The author hits at the roots of each area according to the nine listed in her table of contents from the entitlement-minded folks of our day to problems with prayer. From the “lost” Lord’s Supper to the purpose and essential elements of baptism to the free will giving versus legalistic Old Testament giving.
Perhaps one has to experience first-century worship to fully appreciate how much it blesses God and, in turn, the worshipper. The scriptures quoted in this book will prepare one for this experience and allow it to be fully appreciated. The tired or seeking Christian may gain release from denominations’ traditions that don’t reflect the Bible way.
You should read this book for its history and detailed explanations and for its inspiration. You may better understand the truth that will set you free (Jn 8:32). Pick up Worship the First-Century Way and reap the pleasure of doing it according to God’s Will and Way alone.
A Reader in Texas
K.C. Haddad’s book “Worship the First Century Way” is well timed in the context of significant confusion within the Christian religion.
Confusion of focus and practice have crept into the assembly, and Haddad works to “uncover the mask” of the motives at play. Even an outside observer can see that the religious confusion has led to much unnecessary division throughout the centuries. The author points out that this friction has led many to question the relevance of worship and Christianity in their lives.
Elaborating on what the inspired Word of God presents concerning Christian worship, Haddad weaves this into a story that gently corrects religious worship practices that have no basis in the traditions handed down from Christ to the apostles to us in the Bible.
Many may be surprised to learn that worship practices that they assumed had always been in place are actually quite recent in their invention (and often contradict what was authorized by the Bible). She also goes well beyond the perfunctory elements of worship to explore the reasons and, perhaps more importantly, the foundation of such practice in the Bible.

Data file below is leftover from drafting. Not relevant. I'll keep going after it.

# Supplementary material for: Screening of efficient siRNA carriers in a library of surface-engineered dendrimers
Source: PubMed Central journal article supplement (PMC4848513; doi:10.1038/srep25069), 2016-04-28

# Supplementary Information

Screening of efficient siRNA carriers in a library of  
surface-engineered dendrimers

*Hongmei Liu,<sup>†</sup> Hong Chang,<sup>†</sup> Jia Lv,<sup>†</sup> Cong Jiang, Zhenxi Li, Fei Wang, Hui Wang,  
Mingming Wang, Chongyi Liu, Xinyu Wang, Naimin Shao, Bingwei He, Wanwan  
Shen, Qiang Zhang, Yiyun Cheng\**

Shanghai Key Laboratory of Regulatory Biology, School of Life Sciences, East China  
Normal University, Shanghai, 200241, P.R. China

Haddad also provides historical accounts of how second-generation Christians worshipped, providing yet another template for us to examine since many of these individuals literally walked with the men and women who walked with Jesus (including the apostles).
Haddad’s book drives home why we go to church, but also stresses that Christianity isn’t an inactive, passive state of being. She rightly points out that our neighbors view Christianity as boring. They see Christians 1. Going to a building; 2. Listening, 3. Talking, 4. Going home. If this is all Christians do, then it is boring. Her work incorporates very practical, loving ideas to promote a more intimate relationship with neighbors in the community, with Christians in fellowship and with God. This is perhaps the greatest contribution the author makes in exploring this important, relevant subject.
I encourage all to take the time to read this book
An Amazon Reader
The most important thing I learned from this book is the difference in reforming the church and restoring the church. The Reformation period was an effort to reform the Catholic church, what they should have been striving for restoring the First Century church.
I also learned that many people leave the church out of loneliness. After reading this I will make a greater effort to make contact with visitors and members outside of my circle of friends.